The McLaren F1 was arguably the first hypercar and laid down the DNA that runs through the equally mighty P1 and Senna. We gather all three.
The sight alone is enough to elicit involuntary laughter. F1, P1, Senna. All on the same slice of Tarmac, dihedral doors flipped up awaiting further instruction.
They have been together before of course, but never for a purpose like this. We have them and this track, including its 3.2 kilometre runway, for the day. They are ours.
Despite the P1 being worth $9 million (it’s a prototype and the most filmed and famous P1 in existence) and the F1 valued at five times more than that, no one is saying ‘don’t go there, don’t do that’ with any of them. McLaren people are everywhere, appearing more than anything else pleased that we’ve been able to make this thing happen.
So, at the risk of repeating myself: F1, P1, Senna. Which would you take first? If I didn’t have a story to write afterwards, I’d have left the F1 until last. Of course you would. It’s a McLaren F1 for goodness sake, and the number of those in anything approaching regular use in the world can be counted on the fingers of one hand, probably without needing the thumb. But it’s the benchmark, the inspiration, the one without which the others might have existed but surely not as they are. It is the origin. It has to go first.
It seems hardly believable that the car is 25 years old, but the truth is that age manifests itself in primarily positive ways: the car’s compactness, its manual gearbox, analogue dials, normally aspirated engine and so on. For those of us who love the simple business of driving, the transition of such one-time staples from rule to exception is not something that is necessarily to be celebrated.
There is that central driving position, so mad in theory but so effective in practice. It needs zero acclimatisation for it feels natural at once. I’m glad it’s coming back on McLaren’s Speedtail. Visibility all round is sensational, the antithesis of the Lamborghini letterbox approach to cockpit design. Confidence grows.
The V12 is smooth, the gearbox on this 93,000-kilometre car loose and easy to operate. So because there is time, you can tootle about for a bit. My goodness, it rides well. No anti-roll bars here or ‘anti-traction devices’ as they used to be called at McLaren. The unassisted steering communicates like that of a Lotus and no wonder: there are Exiges you can buy that weigh more than this.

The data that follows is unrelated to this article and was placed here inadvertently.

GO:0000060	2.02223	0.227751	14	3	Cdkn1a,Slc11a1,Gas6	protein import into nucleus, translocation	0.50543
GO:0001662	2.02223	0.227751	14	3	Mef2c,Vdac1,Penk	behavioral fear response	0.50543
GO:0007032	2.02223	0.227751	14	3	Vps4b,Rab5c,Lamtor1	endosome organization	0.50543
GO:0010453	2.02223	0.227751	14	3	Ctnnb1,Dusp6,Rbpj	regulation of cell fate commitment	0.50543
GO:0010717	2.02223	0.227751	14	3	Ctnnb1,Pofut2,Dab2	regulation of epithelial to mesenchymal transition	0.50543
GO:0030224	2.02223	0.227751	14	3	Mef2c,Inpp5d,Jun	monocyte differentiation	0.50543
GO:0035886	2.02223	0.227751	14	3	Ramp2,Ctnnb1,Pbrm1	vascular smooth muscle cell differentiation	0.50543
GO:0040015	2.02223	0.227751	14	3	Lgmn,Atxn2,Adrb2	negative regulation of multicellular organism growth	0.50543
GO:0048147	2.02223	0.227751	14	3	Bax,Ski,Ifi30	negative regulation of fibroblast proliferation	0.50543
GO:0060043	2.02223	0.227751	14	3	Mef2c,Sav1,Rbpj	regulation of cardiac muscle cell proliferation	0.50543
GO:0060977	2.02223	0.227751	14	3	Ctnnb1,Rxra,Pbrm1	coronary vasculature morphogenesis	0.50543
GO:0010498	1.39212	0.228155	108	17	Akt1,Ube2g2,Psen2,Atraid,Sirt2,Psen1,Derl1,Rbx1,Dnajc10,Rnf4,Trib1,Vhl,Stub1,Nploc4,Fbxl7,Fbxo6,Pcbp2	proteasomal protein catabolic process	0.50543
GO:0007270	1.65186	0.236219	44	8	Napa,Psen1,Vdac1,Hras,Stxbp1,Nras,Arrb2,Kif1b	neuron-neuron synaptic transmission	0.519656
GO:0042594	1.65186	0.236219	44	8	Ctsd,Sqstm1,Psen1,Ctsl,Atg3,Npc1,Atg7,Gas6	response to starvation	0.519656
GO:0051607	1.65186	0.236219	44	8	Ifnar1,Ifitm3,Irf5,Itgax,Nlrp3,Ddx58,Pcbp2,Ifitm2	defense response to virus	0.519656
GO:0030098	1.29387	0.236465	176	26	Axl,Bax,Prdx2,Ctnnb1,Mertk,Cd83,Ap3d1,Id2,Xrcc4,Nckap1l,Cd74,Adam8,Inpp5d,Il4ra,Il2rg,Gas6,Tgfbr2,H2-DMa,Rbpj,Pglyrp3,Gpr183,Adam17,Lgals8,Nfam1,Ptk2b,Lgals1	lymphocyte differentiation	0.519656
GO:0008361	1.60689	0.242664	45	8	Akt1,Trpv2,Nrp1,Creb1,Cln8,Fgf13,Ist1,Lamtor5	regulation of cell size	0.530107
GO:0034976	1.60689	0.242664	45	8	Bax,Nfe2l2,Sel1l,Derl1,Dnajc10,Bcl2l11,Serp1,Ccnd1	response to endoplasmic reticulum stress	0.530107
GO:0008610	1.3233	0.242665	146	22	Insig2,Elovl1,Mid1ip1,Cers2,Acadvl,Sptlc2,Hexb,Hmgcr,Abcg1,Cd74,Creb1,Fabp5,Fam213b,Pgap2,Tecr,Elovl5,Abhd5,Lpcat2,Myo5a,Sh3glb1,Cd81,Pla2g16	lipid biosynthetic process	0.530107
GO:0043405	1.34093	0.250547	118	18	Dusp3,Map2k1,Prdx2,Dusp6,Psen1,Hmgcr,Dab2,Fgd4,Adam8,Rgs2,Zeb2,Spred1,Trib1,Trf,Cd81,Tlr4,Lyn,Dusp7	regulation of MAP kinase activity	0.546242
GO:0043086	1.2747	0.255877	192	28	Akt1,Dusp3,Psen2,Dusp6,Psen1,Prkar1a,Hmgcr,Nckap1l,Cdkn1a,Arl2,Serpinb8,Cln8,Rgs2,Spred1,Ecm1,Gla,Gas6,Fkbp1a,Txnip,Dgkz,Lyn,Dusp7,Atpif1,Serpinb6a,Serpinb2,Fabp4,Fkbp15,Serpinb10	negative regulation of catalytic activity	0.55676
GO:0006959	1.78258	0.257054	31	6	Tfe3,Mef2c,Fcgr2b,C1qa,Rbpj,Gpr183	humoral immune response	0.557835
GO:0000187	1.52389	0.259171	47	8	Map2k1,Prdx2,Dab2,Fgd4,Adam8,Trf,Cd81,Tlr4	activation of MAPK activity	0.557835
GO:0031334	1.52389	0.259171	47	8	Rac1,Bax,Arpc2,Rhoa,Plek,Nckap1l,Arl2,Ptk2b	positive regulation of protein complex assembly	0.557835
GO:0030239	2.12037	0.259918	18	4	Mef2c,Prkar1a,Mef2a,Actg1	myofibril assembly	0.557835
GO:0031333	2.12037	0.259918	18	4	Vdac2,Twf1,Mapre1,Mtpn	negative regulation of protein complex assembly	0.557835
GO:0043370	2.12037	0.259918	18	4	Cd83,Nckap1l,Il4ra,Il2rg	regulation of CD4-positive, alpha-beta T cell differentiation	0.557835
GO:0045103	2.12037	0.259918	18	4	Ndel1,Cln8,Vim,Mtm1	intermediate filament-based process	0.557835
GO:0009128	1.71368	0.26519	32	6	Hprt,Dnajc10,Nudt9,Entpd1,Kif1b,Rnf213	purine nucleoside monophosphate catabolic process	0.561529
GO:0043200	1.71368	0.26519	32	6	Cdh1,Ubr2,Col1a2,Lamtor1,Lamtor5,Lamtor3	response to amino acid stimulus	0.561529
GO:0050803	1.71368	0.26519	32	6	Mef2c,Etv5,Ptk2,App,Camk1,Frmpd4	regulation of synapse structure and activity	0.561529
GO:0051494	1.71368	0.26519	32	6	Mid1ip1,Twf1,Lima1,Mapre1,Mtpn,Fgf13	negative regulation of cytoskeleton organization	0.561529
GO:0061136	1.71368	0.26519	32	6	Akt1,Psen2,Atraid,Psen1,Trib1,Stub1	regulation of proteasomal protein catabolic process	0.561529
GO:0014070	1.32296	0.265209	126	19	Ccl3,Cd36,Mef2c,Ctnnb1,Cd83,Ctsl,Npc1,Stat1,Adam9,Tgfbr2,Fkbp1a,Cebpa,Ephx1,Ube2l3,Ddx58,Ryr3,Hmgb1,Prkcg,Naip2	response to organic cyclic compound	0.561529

And then you can resist no longer so, pausing only to remind yourself that this is 467kW in 1164kg of car and that it has no safety systems of any kind at all, you give it the boot. Which is when part of you that somehow and stupidly filed this car under ‘nice old thing’ loses all comprehension of what happens next; and it will only be regained when you remember the old dear has a better power-to-weight ratio than a Bugatti Veyron. Really. In the cockpit, all your limbs are busy changing gear after gear and holding it straight. By the time you feel you can afford to glance down, an insane number is already on the speedometer, like 240km/h.
Then something else happens or, more accurately, doesn’t happen: the rate of acceleration scarcely slows, because compared with modern cars whose bodies generate downforce, the F1 has no drag. Out of deference to its age and value, I don’t press on much further, but this very car once did over 386km/h, which is way faster than either of its younger, far more powerful descendants could manage.
But while the F1 feels utterly mighty in a straight line, around the rest of the lap, the years start to show. This is by no means all bad news because on new Michelins (the only components on the car not to period spec as the original Goodyears are no longer available), the car has surprisingly good grip and a nice balance near the limit. But I don’t want to throw it around and that has nothing to do with its value: F1s tend not to react brilliantly when pushed further than they care to go and I’m very happy to leave that aspect of its character unexplored. But there’s no avoiding the brakes: and by both modern standards and those of any car with this level of performance they are, frankly, terrible.
What will the P1 feel like after that? There’s so much about it that seems less, well, good. It has a small turbo V8, not an enormous atmospheric V12. You shift gears via paddles, not a lever. You can get only two people on board and there’s not much room for luggage. And, yes, it’s far more powerful thanks to its hybridassisted 673kW engine but so, too, does that very system make it heavier – 300-odd kilograms heavier. When it originally appeared alongside the LaFerrari and Porsche 918, hybrids were a novelty, so much so in cars like this that a new term was coined that was never applied to the F1 in period: these were ‘hypercars’. But is it really such a leap?
Well, and in a word, yes. For the avoidance of doubt, I’d have the F1 powertrain over the P1 equivalent every day of the week, month and year but that doesn’t make the P1 less than one hell of a car, and capable in ways the F1 simply cannot be.
But let’s look first at what they share, beyond a badge, all-carbon construction and very funky doors. And the curious thing is that despite the 20 years that separate them and the fact that very few of the people who worked on the F1 were still around in Woking to work on the P1, they still feel related. And it’s that sense of light and space in the cabin that does it. This is a massively more complex car, bristling with driving modes for the powertrain and chassis, push-to-pass power boost and DRS buttons, but it still manages to make you feel at home.